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Which Hybrid, for Which Applications?

Arthur Cole

Most enterprises are well on the way toward building a hybrid cloud these days, which is naturally leading to a wide range of designs and operation parameters.

Some organizations, for instance, utilize a private cloud on premises and reserve the public cloud for temporary spikes in workload. Others create cloud native applications that may or may not communicate with legacy data center applications. And there are those who are aiming for a fully integrated public-private ecosystem, with varying degrees of success so far.

The main issue that all of these approaches have in common is that different clouds require different application-layer support, and this is before we start to consider adding non-cloud environments to the mix.

This is one of the reasons why today’s joint announcement between Cisco and Google is so interesting. Although details are sketchy, the companies seem to be aiming for a fully integrated cloud that will allow users to support a single application development and operational environment that functions at scale across multiple architectures. The plan is to utilize Google assets like the Kubernetes container management stack and the Apigee API solution in conjunction with Cisco’s DevNet development suite to enable a unified hybrid infrastructure under the Google Cloud Platform. In this way, the companies say they can deliver an open environment that fits comfortably within virtually any enterprise’s cloud strategy while providing end-to-end security, visibility and control both at home and across public resources. The system is expected to launch in early 2018.


The speed at which the hybrid cloud has captured the enterprise imagination makes the launch of virtually any solution a no-brainer at this point. A recent study by SUSE reports that two-thirds of enterprises expect the growth of hybrid infrastructure to continue into the next decade, compared to 55 percent that believes this to be the case for private-only, and just 36 percent for public-only. At the same time, 86 percent say that DevOps is a key component of their future IT strategies and that containers will be an integral component in these efforts. So coming out with a container-based hybrid cloud solution that supports integrated development and operations sure sounds like a winner.

And yet, is the Google-Cisco approach all that different from other provider-vendor solutions? HPE recently started shipping an all-in-one solution that puts Microsoft’s Azure cloud on its ProLiant server line, giving organizations a simple way to add a fully compatible cloud environment inside their legacy data centers. One can argue that this would lock users in to the Azure cloud, but since both Microsoft and HPE offer ties to open platforms like Linux and OpenStack, it’s not like users are blocked from integrating third-party solutions into their hybrid clouds if they choose.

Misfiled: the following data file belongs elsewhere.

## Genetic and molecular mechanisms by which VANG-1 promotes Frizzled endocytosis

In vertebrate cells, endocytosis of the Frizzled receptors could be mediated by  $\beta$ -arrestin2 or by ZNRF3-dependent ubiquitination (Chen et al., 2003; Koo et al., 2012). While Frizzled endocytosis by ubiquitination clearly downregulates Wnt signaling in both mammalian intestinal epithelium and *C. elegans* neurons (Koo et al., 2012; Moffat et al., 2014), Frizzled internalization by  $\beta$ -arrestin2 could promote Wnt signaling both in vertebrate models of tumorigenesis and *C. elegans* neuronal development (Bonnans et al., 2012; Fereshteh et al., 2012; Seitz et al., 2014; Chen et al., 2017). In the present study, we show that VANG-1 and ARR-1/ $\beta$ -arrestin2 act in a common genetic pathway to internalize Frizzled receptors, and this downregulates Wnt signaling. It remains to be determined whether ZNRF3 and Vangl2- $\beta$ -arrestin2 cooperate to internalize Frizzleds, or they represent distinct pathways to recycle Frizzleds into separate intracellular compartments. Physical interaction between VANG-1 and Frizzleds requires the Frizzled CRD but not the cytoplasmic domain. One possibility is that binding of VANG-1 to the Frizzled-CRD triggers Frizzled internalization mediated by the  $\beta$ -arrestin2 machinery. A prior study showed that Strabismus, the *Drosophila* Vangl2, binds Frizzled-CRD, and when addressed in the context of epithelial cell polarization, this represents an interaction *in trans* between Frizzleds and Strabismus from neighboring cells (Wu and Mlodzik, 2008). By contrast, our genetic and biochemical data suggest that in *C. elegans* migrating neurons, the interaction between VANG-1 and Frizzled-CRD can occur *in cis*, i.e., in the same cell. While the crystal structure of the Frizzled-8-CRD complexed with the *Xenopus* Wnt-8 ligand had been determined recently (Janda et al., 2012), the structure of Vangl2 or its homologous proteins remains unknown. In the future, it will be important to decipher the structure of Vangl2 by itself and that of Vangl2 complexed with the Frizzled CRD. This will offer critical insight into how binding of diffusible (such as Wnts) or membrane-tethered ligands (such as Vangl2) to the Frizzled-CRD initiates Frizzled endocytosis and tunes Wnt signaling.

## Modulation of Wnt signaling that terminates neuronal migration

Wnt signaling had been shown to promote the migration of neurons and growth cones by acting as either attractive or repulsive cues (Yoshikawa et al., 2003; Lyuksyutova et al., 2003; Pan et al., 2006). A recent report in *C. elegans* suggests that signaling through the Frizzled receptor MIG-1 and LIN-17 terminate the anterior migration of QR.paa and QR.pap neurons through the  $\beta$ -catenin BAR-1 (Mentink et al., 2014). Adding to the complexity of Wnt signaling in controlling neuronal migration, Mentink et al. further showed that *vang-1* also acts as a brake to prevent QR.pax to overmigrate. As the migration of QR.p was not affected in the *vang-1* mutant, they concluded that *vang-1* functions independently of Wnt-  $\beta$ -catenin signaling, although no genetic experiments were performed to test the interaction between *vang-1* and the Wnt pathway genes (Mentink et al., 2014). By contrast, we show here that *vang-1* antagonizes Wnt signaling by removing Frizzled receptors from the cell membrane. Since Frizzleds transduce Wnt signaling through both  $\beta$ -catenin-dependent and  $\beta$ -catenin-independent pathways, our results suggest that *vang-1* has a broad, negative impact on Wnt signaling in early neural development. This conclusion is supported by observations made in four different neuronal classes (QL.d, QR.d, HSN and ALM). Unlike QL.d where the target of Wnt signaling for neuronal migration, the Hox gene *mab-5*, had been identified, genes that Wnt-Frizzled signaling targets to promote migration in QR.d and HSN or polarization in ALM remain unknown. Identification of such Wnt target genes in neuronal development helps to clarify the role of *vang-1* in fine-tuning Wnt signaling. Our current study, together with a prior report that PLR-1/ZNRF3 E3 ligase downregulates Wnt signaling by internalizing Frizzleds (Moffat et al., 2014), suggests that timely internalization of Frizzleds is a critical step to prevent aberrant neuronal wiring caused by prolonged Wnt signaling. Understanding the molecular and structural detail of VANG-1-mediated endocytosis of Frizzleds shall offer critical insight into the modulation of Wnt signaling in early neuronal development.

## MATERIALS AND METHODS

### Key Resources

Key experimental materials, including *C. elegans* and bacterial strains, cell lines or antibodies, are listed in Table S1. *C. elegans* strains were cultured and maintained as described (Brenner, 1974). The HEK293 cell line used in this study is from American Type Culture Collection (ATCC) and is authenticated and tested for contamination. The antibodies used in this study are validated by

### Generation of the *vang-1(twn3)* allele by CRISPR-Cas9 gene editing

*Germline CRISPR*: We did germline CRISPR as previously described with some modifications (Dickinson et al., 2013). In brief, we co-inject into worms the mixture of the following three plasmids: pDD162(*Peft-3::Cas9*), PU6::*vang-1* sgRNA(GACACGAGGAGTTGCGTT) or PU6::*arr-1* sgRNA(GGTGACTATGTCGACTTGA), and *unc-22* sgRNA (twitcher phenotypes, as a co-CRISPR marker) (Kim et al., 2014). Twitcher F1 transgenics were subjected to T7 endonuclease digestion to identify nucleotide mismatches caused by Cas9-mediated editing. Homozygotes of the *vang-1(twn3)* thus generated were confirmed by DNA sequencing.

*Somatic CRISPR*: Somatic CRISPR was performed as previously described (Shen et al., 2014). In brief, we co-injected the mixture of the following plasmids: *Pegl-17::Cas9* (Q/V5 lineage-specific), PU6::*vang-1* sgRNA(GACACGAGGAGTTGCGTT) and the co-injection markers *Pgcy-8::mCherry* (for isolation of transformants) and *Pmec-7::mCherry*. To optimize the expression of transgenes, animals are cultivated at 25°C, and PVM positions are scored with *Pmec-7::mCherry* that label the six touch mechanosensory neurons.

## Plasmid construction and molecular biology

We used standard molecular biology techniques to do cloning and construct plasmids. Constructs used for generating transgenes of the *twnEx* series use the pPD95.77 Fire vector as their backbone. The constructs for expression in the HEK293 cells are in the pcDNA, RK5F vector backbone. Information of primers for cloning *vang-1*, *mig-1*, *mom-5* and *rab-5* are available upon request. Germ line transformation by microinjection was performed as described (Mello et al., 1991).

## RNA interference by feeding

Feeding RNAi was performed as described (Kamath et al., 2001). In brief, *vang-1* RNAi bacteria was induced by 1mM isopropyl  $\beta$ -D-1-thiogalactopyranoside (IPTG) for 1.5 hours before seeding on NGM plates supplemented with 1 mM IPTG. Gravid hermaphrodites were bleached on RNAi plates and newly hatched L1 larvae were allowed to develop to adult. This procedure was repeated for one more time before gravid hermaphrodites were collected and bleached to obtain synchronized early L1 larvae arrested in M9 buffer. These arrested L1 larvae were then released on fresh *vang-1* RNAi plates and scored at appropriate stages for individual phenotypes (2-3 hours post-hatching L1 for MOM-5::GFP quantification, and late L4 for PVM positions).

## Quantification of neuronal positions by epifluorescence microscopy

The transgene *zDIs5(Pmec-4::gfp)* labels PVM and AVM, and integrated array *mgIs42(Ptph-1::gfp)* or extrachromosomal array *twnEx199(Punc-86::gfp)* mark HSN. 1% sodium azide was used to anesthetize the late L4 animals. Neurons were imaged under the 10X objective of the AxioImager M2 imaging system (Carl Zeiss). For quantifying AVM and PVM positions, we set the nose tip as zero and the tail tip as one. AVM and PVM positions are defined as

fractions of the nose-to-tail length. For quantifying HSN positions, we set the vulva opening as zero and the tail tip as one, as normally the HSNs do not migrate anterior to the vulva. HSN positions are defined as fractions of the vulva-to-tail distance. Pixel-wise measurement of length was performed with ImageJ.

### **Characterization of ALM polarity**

What’s missing in all of this is the recognition that with the shift from infrastructure-centric IT to application-centric IT, focusing on whether the cloud is hybrid enough or not is a moot point, says Cisco’s Pete Johnson. Rather, we should be focusing on hybrid applications that can utilize whatever resources they need in order to fulfill their mandates. In this way, we don’t need to worry about whether the application can run on this cloud or that cloud but whether it can select the best-of-breed services on any cloud. Imagine for a moment a single app that can write a text file on S3 that generates a text-to-speech service on Azure, which can then run on the IBM Bluemix object storage solution that hosts your website. In this way, the data gravity issues that currently bedevil today’s monolithic applications are eliminated.

Nobody expected the transition from static infrastructure to virtual, cloud-based environments to be easy, or quick, so the hybrid cloud is likely to be a work-in-progress for a while longer.

But before enterprise executives decide on exactly what type of the cloud they are going for, it might help to pause a moment to determine what types of applications need to be supported and how they can best be applied to operational and business objectives – preferably without disrupting the processes and services that are fulfilling those objectives today.

Arthur Cole writes about infrastructure for IT Business Edge. Cole has been covering the high-tech media and computing industries for more than 20 years, having served as editor of TV Technology, Video Technology News, Internet News and Multimedia Weekly. His contributions have appeared in Communications Today and Enterprise Networking Planet and as web content for numerous high-tech clients like TwinStrata and Carpathia. Follow Art on Twitter @acole602.


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